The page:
.byte '/', 0x0, 0x0, 0x0, 0x0, 0x0, 0x0, 0x0
.byte 0x0, 0x0, 0x0, 0x0, 0x0, 0x0, 0x0, 0x0
.byte 0x0, 0x0, 0x0, 0x0, 0x0, 0x0, 0x0, 0x0
.byte 0x0, 0x0, 0x0, 0x0, '/', '*', '-', '+'
.byte '\n', '1', '2', '3', '4', '5', '6', '7'
.byte '8', '9', '0', '.', '\\', 0x0, 0x0, '='

.align 3

.byte 0x0, 0x0, 0x0, 0x0, 'A', 'B', 'C', 'D'
.byte 'E', 'F', 'G', 'H', 'I', 'J', 'K', 'L'
.byte 'M', 'N', 'O', 'P', 'Q', 'R', 'S', 'T'
.byte 'U', 'V', 'W', 'X', 'Y', 'Z', '!', '"'
.byte '£', '$', '%', '^', '&', '*', '(', ')'
.byte '\n', 0x0, '\b', '\t', ' ', '_', '+', '{'
.byte '}', '|', '~', ':', '@', '¬', '<', '>'
.byte '?', 0x0, 0x0, 0x0, 0x0, 0x0, 0x0, 0x0
.byte 0x0, 0x0, 0x0, 0x0, 0x0, 0x0, 0x0, 0x0
.byte 0x0, 0x0, 0x0, 0x0, 0x0, 0x0, 0x0, 0x0
.byte 0x0, 0x0, 0x0, 0x0, '/', '*', '-', '+'
.byte '\n', '1', '2', '3', '4', '5', '6', '7'
.byte '8', '9', '0', '.', '|', 0x0, 0x0, '='

.byte num inserts the byte constant num into the file directly.

Most assemblers and compilers recognise escape sequences; character sequences such as \t which insert special characters instead.

These tables map directly the first 104 scan codes onto the ASCII characters as a table of bytes. We also have a separate table describing the effects of the shift key on those scan codes. I've used the ASCII null character (0) for all keys without direct mappings in ASCII (such as the function keys). Backspace is mapped to the ASCII backspace character (8 denoted \b), enter is mapped to the ASCII new line character (10 denoted \n) and tab is mapped to the ASCII horizontal tab character (9 denoted \t).

The KeyboardGetChar method will need to do the following:

  1. Check if KeyboardAddress is 0. If so, return 0.
  2. Call KeyboardGetKeyDown up to 6 times. Each time:
    1. If key is 0, exit loop.
    2. Call KeyWasDown. If it was, go to the next key.
    3. If the scan code is more than 103, go to the next key.
    4. Call KeyboardGetModifiers
    5. If shift is held, load the address of KeysShift. Otherwise load KeysNormal.
    6. Read the ASCII value from the table.
    7. If it is 0, go to the next key otherwise return this ASCII code and exit.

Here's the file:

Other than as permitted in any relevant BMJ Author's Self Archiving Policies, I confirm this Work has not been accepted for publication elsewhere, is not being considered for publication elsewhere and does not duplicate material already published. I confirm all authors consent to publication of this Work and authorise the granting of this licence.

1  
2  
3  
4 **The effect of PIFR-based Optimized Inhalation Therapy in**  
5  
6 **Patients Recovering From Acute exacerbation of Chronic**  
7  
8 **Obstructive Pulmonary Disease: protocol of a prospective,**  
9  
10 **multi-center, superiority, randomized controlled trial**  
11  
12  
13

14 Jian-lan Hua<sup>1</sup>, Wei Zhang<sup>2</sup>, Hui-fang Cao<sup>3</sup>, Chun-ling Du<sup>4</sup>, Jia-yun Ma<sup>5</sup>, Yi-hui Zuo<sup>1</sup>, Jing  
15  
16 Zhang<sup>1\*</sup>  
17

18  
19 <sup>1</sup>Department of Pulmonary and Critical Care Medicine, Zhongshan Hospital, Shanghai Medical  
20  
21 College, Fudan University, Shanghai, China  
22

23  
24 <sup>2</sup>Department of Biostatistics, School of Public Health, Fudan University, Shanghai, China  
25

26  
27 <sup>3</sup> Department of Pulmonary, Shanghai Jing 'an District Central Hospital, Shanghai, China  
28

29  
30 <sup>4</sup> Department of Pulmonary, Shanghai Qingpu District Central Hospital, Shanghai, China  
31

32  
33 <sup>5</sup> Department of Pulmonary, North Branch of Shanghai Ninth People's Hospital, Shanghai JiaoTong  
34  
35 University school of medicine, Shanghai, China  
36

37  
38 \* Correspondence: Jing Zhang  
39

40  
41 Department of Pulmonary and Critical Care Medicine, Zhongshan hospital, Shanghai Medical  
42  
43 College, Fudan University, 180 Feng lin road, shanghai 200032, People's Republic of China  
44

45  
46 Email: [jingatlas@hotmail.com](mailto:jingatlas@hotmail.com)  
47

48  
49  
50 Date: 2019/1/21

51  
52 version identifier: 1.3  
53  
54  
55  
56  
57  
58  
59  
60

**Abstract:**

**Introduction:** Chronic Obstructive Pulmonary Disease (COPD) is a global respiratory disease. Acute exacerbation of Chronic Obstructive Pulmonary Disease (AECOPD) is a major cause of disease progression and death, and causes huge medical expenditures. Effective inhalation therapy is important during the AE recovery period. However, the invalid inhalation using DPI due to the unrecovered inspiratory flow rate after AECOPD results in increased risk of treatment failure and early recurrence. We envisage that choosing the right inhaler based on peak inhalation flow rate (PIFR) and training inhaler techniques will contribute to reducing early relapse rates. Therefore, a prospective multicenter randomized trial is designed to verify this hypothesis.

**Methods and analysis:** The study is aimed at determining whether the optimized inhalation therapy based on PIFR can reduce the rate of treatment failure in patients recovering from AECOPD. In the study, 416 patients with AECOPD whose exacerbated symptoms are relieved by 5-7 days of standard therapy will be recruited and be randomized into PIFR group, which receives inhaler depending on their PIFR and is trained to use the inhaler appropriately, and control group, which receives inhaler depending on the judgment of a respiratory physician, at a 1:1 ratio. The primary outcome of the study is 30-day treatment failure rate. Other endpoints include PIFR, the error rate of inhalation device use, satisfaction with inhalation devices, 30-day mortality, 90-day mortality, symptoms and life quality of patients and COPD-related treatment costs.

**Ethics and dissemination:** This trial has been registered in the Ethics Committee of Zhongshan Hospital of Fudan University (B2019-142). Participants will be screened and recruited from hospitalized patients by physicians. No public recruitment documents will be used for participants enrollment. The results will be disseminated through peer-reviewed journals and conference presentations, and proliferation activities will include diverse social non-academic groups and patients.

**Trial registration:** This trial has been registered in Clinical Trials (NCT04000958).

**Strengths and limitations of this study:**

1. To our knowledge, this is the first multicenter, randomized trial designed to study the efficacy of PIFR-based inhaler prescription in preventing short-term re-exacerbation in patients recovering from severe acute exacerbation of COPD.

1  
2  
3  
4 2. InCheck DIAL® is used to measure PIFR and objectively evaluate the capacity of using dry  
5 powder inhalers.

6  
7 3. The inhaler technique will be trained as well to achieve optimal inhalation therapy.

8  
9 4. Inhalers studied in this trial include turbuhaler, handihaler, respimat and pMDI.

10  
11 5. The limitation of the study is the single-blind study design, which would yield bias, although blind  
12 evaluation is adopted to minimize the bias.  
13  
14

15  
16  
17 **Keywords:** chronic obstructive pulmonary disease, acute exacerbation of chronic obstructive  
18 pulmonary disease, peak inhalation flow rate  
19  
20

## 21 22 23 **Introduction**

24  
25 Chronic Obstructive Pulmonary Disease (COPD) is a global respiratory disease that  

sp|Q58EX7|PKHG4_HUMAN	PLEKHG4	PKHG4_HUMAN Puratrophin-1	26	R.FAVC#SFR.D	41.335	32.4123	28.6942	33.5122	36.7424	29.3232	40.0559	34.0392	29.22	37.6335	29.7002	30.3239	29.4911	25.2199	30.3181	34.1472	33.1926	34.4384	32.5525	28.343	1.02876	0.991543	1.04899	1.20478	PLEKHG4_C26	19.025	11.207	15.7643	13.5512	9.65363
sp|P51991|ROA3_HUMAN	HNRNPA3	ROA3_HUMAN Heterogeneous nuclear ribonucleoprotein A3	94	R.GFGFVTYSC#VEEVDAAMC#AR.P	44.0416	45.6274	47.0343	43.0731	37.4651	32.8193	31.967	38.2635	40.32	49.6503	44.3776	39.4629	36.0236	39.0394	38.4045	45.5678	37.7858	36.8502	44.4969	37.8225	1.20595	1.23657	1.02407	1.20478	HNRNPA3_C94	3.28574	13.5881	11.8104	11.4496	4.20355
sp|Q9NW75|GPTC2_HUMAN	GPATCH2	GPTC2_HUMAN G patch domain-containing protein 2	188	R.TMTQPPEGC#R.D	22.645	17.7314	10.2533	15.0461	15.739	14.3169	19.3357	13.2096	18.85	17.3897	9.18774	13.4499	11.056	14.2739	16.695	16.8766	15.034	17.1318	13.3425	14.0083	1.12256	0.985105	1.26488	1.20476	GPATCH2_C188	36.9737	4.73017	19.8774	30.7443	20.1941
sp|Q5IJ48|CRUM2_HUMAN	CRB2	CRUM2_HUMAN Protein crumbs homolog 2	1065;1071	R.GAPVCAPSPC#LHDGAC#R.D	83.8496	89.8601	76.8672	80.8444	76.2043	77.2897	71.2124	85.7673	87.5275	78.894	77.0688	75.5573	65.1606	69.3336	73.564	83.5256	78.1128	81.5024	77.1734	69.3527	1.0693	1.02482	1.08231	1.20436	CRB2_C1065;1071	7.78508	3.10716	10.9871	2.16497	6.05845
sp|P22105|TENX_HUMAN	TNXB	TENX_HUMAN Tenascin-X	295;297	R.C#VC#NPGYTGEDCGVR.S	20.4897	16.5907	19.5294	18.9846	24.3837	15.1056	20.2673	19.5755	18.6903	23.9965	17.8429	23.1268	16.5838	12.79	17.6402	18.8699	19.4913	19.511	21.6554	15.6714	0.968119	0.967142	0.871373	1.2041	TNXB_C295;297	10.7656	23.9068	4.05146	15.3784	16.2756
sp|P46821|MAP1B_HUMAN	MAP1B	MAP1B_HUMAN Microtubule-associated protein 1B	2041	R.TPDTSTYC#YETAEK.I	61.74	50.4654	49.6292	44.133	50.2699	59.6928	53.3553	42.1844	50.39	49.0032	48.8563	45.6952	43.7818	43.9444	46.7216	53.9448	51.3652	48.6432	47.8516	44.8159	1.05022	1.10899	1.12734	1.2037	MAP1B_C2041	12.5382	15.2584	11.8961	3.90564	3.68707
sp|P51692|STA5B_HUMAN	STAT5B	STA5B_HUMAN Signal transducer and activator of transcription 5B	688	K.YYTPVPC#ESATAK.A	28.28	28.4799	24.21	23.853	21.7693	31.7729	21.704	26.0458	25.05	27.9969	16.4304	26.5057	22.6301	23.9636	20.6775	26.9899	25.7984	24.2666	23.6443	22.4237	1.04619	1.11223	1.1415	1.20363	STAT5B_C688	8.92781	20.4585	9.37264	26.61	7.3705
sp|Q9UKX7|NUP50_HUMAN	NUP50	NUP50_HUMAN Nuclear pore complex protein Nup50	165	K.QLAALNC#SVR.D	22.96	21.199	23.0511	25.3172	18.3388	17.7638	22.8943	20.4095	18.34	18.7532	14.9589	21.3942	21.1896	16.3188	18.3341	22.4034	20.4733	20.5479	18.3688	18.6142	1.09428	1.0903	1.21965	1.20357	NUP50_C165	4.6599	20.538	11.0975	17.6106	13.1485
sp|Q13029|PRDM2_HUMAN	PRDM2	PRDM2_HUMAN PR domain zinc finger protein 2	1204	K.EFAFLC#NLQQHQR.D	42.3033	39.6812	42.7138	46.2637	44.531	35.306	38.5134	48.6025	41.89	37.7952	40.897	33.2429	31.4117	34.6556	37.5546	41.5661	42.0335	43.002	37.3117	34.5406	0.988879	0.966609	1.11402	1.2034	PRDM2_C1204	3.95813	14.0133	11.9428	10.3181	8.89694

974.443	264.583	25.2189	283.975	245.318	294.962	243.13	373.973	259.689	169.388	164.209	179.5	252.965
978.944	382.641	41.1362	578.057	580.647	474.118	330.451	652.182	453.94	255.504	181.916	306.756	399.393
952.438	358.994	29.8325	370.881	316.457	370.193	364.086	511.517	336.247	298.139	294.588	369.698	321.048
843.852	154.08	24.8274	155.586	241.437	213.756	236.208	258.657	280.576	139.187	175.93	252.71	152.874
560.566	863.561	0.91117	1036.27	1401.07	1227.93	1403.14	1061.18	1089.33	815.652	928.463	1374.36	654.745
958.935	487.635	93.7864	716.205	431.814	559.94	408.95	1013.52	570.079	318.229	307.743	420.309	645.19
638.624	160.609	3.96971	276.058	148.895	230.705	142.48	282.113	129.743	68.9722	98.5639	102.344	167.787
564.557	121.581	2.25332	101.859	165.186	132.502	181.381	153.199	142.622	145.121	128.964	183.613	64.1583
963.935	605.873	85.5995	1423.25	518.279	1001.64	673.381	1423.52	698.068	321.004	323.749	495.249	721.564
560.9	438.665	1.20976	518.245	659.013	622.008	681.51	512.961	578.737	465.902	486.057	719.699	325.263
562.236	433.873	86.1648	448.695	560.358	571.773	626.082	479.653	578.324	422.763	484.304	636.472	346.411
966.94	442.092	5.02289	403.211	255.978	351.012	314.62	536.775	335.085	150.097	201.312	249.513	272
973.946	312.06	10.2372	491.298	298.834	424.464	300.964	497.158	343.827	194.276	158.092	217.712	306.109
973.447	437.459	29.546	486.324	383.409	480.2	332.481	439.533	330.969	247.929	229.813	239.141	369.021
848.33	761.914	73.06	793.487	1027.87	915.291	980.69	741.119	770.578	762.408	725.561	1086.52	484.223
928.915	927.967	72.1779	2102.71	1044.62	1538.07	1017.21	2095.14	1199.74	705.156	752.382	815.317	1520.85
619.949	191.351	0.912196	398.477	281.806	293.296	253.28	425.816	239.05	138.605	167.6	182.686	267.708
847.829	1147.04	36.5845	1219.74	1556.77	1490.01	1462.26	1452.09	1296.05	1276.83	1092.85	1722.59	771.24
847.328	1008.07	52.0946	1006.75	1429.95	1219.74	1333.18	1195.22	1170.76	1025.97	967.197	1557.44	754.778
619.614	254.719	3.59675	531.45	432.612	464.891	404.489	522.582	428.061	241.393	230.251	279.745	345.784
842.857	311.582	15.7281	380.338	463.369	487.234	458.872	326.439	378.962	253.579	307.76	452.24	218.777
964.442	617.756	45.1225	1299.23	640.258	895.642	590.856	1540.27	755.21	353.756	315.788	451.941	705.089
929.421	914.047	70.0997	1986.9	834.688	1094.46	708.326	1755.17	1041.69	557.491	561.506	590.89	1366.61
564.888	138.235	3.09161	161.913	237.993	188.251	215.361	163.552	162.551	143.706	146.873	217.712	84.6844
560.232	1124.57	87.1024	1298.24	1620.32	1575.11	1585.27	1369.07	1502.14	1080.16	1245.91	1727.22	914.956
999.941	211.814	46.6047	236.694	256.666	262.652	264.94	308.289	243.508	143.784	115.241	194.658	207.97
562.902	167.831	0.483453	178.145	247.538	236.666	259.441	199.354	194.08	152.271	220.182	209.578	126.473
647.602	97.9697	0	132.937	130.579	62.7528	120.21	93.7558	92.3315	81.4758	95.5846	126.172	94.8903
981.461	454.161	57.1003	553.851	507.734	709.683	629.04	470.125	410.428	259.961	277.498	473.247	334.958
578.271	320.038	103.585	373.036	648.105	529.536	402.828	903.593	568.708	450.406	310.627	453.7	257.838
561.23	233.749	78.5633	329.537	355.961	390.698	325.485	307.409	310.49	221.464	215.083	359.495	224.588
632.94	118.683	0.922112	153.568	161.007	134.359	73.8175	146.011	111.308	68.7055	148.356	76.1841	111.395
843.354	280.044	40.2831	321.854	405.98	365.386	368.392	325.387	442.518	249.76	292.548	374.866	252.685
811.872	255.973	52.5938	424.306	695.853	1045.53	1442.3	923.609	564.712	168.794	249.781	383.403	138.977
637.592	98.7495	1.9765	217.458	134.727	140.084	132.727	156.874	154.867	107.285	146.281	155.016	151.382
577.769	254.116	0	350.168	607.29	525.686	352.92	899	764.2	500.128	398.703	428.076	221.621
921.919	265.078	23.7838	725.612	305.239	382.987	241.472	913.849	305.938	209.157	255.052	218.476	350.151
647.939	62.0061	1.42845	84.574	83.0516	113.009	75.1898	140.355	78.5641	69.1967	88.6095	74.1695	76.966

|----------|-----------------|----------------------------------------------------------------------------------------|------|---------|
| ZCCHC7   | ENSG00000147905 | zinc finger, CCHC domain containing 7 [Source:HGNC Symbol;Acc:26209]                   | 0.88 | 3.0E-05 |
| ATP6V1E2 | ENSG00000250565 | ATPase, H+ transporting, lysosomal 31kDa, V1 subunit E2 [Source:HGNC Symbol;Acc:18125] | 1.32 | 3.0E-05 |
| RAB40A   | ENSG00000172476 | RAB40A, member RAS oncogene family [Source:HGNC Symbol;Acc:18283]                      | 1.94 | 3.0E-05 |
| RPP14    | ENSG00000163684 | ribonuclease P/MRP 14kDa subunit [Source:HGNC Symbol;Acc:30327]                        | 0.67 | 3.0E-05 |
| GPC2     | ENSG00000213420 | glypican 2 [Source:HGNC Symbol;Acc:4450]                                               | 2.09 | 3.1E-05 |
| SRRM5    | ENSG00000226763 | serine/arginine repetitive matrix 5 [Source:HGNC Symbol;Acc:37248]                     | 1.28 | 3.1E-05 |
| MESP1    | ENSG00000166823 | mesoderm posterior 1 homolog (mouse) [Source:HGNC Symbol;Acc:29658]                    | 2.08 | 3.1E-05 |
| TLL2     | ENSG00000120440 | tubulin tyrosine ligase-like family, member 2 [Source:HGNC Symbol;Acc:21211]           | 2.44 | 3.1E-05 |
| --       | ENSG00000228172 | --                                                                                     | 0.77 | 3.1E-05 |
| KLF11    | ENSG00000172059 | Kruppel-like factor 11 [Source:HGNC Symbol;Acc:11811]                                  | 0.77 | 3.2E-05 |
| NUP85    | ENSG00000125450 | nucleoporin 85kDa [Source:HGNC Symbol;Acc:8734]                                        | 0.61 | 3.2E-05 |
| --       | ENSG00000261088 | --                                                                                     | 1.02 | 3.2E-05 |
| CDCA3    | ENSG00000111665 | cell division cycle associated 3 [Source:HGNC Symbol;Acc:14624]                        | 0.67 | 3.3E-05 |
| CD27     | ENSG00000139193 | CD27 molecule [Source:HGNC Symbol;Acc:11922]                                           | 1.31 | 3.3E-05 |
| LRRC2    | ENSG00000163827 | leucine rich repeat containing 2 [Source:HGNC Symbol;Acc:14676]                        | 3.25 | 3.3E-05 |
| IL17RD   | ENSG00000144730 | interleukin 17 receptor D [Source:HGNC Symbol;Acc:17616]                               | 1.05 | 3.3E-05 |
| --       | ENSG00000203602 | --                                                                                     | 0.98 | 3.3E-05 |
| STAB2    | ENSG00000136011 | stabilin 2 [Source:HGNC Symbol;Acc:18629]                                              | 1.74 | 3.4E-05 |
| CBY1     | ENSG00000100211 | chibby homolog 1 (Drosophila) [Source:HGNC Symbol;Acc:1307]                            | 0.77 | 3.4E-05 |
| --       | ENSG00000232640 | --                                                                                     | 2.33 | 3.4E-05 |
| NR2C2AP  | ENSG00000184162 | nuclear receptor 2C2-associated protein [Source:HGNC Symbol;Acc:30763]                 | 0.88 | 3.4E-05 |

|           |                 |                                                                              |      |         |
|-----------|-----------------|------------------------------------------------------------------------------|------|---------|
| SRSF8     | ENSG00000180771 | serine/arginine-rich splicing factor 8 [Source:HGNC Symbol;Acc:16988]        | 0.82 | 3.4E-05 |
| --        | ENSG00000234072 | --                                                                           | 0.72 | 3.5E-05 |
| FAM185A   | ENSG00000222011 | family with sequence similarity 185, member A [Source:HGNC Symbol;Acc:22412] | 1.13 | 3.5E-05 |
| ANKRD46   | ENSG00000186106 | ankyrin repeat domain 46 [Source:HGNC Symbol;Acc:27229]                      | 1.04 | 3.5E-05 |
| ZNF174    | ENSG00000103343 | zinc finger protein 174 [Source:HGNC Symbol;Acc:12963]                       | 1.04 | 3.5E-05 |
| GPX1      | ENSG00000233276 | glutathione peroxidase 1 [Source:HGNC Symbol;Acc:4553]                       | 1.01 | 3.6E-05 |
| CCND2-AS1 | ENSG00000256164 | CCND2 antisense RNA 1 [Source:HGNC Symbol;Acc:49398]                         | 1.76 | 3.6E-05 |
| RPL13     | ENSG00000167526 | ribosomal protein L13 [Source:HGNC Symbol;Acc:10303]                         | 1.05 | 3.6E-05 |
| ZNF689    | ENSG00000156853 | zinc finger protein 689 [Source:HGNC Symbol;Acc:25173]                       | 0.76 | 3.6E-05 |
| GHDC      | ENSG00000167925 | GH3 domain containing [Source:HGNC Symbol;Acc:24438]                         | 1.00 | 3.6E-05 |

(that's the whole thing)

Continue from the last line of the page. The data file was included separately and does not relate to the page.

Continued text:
3. Return 0.

Try to implement this yourself. My implementation is presented below:

  1. .globl KeyboardGetChar
    ldr r0,=KeyboardAddress
    ldr r1,[r0]
    teq r1,#0
    moveq r0,#0
    moveq pc,lr

    Simple check to see if we have a keyboard.

  2. push {r4,r5,r6,lr}
    kbd .req r4
    key .req r6
    mov r4,r1
    mov r5,#0

    mov r0,kbd
    mov r1,r5
    bl KeyboardGetKeyDown

    r5 will hold the index of the key, r4 holds the keyboard address.

    1. teq r0,#0
      beq keyLoopBreak$

      If a scan code is 0, it either means there is an error, or there are no more keys.

    2. mov key,r0
      bl KeyWasDown
      teq r0,#0
      bne keyLoopContinue$

      If a key was already down it is uninteresting, we only want ot know about key presses.

    3. cmp key,#104
      bge keyLoopContinue$

      If a key has a scan code higher than 104, it will be outside our table, and so is not relevant.

    4. mov r0,kbd
      bl KeyboardGetModifiers

      We need to know about the modifier keys in order to deduce the character.

    5. tst r0,#0b00100010
      ldreq r0,=KeysNormal
      ldrne r0,=KeysShift

      We detect both a left and right shift key as changing the characters to their shift variants. Remember, a tst instruction computes the logical AND and then compares it to zero, so it will be equal to 0 if and only if both of the shift bits are zero.

    6. ldrb r0,[r0,key]

      Now we can load in the key from the look up table.

    7. teq r0,#0
      bne keyboardGetCharReturn$
      add r5,#1
      cmp r5,#6
      blt keyLoop$

      If the look up code contains a zero, we must continue. To continue, we increment the index, and check if we've reached 6.

  3. keyLoopBreak$:
    mov r0,#0
    pop {r4,r5,r6,pc}
    .unreq kbd
    .unreq key

    We return our key here, if we reach keyLoopBreak$, then we know there is no key held, so return 0.

8 Notepad OS

Now we have our KeyboardGetChar method, we can make an operating system that just types what the user writes to the screen. For simplicity we'll ignore all the unusual keys. In 'main.s' delete all code after bl SetGraphicsAddress. Call UsbInitialise, set r4 and r5 to 0, then loop forever over the following commands:

  1. Call KeyboardUpdate
  2. Call KeyboardGetChar
  3. If it is 0, got to 1
  4. Copy r4 and r5 to r1 and r2 then call DrawCharacter
  5. Add r0 to r4
  6. If r4 is 1024, add r1 to r5 and set r4 to 0
  7. If r5 is 768 set r5 to 0
  8. Go to 1

Now compile this and test it on the Pi. You should almost immediately be able to start typing text to the screen when the Pi starts. If not, please see our troubleshooting page.

When it works, congratulations, you've achieved an interface with the computer. You should now begin to realise that you've almost got a primitive operating system together. You can now interface with the computer, issuing it commands, and receive feedback on screen. In the next tutorial, Input02 we will look at producing a full text terminal, in which the user types commands, and the computer executes them.